Hit S. Korean TV series irks China, pleases Thailand

A mega-hit South Korean TV drama that’s taking Asia by storm has become political fodder in China and Thailand — but for different reasons.

China’s Ministry of Public Security is warning Chinese viewers against watching too much of the series called “Descendants of the Sun,” while Thai Prime Minister Prayut Chan-ocha is beating the drum to get his citizens to watch it. Beijing worries that obsessive viewing of the series will stir up social ills, while the Thai PM loves the show’s stress on patriotism and sacrifice for one’s country.

Descendants of the Sun

Descendants of the Sun

“Descendants of the Sun” is about a young army captain in special forces named Yoo Si-jin (played by Song Joong-ki) and a young female doctor, Kang Mo-yeon (played by Song Hye-kyo).  Yoo is deployed on a peacekeeping mission to a far away and fictional country.  Dr. Kang is the leader of a medical team on a humanitarian mission. The story evolves around the two as they cope with their mission and fall in love with each other.

The 16-episode drama premiered in South Korea and China in February, dominating ratings and overwhelming Chinese social media. So far, eight episodes have aired.

“Watching Korean dramas could be dangerous, and may even lead to legal troubles,” the Chinese security ministry warned in a Weibo post last weekend. It also warned that watching too many Korean dramas of this sort can lead to domestic violence, divorce and plastic surgery, all of which were said to be common themes in South Korean TV shows.

CNBC says in a report that many Weibo users are taking the ministry’s warnings with a grain of salt.

“This isn’t the fault of Korean drama but has to do with IQ,” one Weibo user commented. Another added, “Although I don’t like Korean dramas but these are all individual cases. [Those involved] lack IQ.”

Chinese government concerns aren’t totally misplaced. A heroine’s appetite for fried chicken and beer in another hit South Korea series, 2014’s “My Love from the Star,” ignited such a craze for Korean fried chicken in China that a local woman reportedly came close to a miscarriage after gorging herself on wings and brew. A 20-year-old Chinese woman also was reportedly diagnosed with acute glaucoma after an 18-hour Korean drama binge-watching session, according to CNBC.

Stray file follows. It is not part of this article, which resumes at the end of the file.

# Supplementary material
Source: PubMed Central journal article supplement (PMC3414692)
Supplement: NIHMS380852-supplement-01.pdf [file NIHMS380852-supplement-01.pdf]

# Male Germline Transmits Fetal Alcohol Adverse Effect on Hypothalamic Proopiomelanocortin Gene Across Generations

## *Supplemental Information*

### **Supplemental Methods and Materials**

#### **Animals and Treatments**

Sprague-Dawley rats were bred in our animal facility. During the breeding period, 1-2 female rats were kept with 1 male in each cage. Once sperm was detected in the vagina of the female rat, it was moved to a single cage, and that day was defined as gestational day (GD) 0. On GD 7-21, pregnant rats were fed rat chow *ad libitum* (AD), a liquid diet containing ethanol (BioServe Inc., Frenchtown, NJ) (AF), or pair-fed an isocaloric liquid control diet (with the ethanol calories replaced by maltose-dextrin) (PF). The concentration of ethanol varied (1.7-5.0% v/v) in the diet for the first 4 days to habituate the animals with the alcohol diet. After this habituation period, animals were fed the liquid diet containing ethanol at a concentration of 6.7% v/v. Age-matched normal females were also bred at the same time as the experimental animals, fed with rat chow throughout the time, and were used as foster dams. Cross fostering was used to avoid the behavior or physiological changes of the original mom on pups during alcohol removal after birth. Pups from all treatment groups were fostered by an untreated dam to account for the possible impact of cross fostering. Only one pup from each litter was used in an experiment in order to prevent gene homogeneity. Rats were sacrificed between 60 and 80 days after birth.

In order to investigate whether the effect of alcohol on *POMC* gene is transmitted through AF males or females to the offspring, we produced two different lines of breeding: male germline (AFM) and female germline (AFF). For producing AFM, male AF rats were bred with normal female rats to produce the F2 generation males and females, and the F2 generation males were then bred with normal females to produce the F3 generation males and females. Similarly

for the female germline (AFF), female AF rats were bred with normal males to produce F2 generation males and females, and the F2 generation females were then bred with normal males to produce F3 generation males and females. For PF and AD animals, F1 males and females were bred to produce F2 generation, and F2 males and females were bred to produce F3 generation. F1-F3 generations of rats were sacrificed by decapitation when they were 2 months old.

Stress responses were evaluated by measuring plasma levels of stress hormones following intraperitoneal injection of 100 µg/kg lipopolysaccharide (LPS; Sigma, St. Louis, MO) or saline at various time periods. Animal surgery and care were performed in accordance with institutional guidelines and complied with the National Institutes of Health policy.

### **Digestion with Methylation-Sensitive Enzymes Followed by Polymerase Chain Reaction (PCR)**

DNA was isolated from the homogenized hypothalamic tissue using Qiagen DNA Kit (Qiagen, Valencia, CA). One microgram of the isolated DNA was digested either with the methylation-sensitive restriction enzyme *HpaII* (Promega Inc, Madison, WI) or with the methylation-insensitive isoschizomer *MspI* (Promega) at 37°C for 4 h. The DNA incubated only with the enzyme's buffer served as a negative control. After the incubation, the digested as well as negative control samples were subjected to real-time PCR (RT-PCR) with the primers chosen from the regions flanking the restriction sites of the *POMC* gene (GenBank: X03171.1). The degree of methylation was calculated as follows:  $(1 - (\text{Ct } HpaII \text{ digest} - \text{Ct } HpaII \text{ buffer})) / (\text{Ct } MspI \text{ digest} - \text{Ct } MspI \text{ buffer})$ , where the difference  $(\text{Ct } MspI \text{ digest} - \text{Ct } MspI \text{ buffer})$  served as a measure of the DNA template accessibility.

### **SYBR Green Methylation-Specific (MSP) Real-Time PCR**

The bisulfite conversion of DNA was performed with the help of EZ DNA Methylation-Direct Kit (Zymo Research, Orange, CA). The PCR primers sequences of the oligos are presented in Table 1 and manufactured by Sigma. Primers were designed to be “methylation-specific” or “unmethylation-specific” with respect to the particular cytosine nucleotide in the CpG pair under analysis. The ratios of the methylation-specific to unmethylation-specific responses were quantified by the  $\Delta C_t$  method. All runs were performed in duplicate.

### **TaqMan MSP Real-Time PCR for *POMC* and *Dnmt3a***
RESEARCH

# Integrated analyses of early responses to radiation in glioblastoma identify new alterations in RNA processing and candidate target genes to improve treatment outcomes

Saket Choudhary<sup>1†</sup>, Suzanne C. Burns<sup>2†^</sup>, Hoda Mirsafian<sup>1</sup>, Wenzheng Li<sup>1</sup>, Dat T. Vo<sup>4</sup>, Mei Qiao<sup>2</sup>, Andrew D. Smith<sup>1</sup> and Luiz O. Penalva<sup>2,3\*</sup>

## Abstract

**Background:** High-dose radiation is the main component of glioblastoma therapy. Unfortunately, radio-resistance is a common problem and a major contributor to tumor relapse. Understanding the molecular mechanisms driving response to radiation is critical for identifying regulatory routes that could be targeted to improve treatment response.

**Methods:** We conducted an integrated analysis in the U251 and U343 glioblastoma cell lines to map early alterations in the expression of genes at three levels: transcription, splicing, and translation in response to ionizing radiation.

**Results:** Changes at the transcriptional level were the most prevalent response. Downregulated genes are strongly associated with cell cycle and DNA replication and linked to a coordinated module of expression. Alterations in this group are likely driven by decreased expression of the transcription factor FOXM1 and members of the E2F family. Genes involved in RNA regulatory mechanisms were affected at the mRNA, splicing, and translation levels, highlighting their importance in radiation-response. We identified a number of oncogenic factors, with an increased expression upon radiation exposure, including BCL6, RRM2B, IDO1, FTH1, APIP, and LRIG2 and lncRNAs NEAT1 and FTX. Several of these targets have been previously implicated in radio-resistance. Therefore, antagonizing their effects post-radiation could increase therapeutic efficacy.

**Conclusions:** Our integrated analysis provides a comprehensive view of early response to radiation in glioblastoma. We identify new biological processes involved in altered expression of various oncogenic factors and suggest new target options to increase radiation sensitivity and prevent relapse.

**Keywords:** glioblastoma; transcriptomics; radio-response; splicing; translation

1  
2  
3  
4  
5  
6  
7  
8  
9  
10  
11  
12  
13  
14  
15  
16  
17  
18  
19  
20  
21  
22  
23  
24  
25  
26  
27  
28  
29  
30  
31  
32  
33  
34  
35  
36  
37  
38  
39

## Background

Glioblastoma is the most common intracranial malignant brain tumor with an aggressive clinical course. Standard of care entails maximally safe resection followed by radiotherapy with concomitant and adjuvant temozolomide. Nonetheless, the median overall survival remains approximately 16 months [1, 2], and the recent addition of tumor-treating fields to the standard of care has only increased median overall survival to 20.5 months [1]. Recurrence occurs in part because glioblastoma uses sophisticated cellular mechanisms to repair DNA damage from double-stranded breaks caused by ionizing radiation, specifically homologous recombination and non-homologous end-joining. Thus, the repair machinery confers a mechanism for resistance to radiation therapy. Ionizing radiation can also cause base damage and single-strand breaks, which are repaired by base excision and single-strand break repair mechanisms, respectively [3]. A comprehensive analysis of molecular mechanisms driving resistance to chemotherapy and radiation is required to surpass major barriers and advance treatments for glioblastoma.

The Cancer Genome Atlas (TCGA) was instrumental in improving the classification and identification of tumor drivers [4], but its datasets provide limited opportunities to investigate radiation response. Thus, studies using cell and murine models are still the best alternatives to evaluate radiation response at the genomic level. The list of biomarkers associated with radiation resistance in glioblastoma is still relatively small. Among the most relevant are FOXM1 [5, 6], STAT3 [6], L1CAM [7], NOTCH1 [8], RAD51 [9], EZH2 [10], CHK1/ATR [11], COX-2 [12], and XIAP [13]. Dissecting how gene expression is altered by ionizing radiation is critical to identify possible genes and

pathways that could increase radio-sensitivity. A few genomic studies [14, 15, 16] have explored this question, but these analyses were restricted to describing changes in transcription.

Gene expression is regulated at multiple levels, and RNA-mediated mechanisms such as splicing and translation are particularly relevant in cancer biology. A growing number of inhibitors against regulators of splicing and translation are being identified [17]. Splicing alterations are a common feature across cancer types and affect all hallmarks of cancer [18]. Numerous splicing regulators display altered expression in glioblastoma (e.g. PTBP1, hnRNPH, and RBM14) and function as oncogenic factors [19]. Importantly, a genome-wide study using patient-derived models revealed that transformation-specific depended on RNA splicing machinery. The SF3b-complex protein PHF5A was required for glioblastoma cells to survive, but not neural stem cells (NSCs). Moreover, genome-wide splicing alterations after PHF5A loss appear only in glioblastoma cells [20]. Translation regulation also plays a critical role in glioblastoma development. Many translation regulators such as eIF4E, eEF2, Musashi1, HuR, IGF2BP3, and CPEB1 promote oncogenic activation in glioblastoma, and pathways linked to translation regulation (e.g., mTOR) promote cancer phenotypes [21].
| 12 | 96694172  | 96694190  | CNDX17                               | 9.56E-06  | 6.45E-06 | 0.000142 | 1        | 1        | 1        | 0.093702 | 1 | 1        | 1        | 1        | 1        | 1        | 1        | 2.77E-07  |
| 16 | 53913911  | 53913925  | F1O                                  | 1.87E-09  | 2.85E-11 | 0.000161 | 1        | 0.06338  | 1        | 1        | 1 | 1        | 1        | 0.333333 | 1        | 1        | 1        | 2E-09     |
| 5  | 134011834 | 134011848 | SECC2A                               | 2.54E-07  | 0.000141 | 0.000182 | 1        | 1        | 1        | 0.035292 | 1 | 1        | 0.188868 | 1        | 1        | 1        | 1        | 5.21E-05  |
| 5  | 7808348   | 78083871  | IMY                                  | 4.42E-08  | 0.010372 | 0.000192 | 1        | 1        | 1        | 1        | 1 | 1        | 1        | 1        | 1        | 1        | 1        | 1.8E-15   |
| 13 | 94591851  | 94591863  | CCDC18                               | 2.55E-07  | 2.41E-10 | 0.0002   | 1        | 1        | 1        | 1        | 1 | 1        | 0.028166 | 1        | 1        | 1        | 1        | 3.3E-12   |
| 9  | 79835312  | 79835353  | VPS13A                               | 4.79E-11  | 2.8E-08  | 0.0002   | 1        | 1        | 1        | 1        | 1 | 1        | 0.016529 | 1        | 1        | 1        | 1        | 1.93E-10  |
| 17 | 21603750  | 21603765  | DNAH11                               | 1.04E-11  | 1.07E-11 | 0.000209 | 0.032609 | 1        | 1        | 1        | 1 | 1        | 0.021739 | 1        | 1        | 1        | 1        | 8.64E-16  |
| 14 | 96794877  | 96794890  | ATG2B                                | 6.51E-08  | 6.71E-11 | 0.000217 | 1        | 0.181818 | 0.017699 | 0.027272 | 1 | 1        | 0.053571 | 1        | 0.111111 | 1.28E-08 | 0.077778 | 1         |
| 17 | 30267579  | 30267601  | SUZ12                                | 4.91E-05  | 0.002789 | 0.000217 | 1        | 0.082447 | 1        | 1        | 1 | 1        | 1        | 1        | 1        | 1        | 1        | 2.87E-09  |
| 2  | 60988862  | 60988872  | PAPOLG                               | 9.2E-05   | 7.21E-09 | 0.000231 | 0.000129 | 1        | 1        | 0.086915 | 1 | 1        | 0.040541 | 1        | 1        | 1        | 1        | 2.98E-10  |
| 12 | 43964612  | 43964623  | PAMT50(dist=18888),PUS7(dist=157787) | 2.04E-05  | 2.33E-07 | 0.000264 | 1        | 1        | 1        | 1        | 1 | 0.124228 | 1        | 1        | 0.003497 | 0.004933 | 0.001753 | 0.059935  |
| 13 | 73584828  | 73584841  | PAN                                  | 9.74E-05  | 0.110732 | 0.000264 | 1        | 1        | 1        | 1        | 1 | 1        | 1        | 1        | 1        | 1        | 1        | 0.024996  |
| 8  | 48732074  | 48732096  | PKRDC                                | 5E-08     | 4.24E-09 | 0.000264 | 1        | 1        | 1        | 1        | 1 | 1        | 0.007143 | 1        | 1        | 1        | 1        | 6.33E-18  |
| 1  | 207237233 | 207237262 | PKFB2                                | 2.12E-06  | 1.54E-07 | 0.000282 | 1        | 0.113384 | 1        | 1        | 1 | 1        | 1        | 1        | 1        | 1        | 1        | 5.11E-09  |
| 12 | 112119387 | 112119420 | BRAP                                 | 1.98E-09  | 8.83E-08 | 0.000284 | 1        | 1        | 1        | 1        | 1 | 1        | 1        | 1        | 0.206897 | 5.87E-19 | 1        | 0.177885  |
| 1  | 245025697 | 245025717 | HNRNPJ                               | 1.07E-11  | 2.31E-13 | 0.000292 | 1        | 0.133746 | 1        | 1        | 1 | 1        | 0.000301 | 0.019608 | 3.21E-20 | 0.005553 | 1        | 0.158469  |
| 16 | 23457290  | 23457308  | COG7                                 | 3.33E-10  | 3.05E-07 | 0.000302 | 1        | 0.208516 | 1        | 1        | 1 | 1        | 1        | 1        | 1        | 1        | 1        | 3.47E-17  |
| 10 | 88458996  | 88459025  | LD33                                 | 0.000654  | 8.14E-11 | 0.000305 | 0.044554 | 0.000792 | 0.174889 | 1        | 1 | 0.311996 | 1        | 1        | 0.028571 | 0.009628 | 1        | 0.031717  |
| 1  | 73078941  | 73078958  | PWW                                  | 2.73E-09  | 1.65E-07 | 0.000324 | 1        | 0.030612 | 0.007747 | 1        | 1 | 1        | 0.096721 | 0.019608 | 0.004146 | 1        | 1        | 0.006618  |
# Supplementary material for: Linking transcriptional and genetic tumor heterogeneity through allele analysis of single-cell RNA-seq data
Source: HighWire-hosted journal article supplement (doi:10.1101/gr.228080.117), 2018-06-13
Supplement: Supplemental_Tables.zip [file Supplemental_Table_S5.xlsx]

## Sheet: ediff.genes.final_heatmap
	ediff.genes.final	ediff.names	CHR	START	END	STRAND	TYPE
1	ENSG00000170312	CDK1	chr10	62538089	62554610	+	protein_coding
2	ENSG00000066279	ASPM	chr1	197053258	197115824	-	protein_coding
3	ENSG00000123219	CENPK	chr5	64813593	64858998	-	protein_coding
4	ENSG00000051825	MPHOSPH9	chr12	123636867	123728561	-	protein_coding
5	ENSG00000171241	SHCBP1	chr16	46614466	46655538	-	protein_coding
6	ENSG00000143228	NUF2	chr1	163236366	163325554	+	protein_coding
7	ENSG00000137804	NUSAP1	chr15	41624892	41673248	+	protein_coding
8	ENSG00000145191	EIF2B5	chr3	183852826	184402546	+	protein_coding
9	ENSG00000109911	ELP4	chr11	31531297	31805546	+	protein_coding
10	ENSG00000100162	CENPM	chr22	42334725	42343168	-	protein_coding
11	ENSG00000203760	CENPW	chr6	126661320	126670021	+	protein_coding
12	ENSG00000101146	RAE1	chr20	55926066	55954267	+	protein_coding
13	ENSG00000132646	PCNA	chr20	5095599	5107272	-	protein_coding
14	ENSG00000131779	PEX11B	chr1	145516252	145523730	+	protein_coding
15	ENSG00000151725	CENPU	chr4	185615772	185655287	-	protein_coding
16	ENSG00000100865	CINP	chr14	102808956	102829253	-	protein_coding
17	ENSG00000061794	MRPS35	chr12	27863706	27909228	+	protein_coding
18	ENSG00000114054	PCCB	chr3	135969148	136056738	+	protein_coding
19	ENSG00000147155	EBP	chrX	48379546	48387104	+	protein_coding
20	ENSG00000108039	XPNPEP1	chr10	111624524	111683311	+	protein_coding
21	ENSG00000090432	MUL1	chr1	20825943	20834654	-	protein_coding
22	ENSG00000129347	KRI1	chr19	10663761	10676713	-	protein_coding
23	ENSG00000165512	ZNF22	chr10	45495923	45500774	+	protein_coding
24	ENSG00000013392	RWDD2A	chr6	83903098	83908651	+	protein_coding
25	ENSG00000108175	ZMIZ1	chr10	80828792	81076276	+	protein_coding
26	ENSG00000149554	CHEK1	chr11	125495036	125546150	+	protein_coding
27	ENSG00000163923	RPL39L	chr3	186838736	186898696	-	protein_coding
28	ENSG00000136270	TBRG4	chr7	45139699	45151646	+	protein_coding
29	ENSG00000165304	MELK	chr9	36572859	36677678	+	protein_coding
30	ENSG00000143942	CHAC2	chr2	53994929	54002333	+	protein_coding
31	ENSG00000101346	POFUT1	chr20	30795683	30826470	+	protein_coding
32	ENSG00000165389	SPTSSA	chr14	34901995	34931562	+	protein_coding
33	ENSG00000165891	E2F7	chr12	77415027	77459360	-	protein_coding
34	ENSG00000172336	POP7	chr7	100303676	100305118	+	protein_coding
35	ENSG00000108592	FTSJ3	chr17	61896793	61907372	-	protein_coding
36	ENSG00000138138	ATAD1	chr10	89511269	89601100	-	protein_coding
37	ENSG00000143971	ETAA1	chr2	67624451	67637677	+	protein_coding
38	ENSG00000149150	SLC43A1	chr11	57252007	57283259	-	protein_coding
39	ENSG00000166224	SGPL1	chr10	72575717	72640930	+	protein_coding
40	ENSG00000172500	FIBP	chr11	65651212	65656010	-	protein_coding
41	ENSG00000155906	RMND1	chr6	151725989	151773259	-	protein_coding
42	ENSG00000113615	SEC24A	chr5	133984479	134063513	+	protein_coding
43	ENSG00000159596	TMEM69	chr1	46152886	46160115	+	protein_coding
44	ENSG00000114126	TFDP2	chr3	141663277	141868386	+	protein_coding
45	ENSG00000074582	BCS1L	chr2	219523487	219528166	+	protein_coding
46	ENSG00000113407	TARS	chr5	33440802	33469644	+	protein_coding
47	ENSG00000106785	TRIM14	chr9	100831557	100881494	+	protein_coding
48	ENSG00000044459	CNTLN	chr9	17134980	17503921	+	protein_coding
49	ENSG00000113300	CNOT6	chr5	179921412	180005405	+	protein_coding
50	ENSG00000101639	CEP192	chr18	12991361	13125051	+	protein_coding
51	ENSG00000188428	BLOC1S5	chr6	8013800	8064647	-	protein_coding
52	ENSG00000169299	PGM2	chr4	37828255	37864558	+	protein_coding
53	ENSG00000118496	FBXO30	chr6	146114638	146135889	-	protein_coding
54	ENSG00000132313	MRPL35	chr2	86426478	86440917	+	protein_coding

But Thailand’s Prayut, who seized power in 2014 coup, has an entirely different view of Descendants. The Yonhap News Agency says he’s telling all Thais to tune in.

“What I have seen is that they have included a sense of patriotism, sacrifice, obeying orders and being a dutiful citizen,” Yonhap quoted Prayut as telling a group of delegates at a government function on Thursday.

“So please watch it and if anyone wants to make such a drama I will financially sponsor it to make people love uncorrupt government officials and make the Thai people love each other.”

Prayut may favor the show because it fits with his political image. The ex-army chief-turned-prime minister has honed an image of himself as a military man duty-bound to save Thailand from years of political instability.

He also has a touch for show business himself: he’s written two songs and commissioned a series of films to spread his patriotic message. One of his songs is titled,”Because You Are Thailand.”

“Descendants of the Sun” is the latest manifestation of South Korean pop culture’s soaring popularity across Asia. The trend, referred to as “Hallyu” or Korean Wave, includes the K-pop music juggernaut as well as Korean movies and TV shows. The phenomenon first erupted in 2002 after the Korean TV drama, “Winter Sonata,” became an unprecedented trans-cultural hit with millions of Japanese, Chinese and Southeast Asian audiences.



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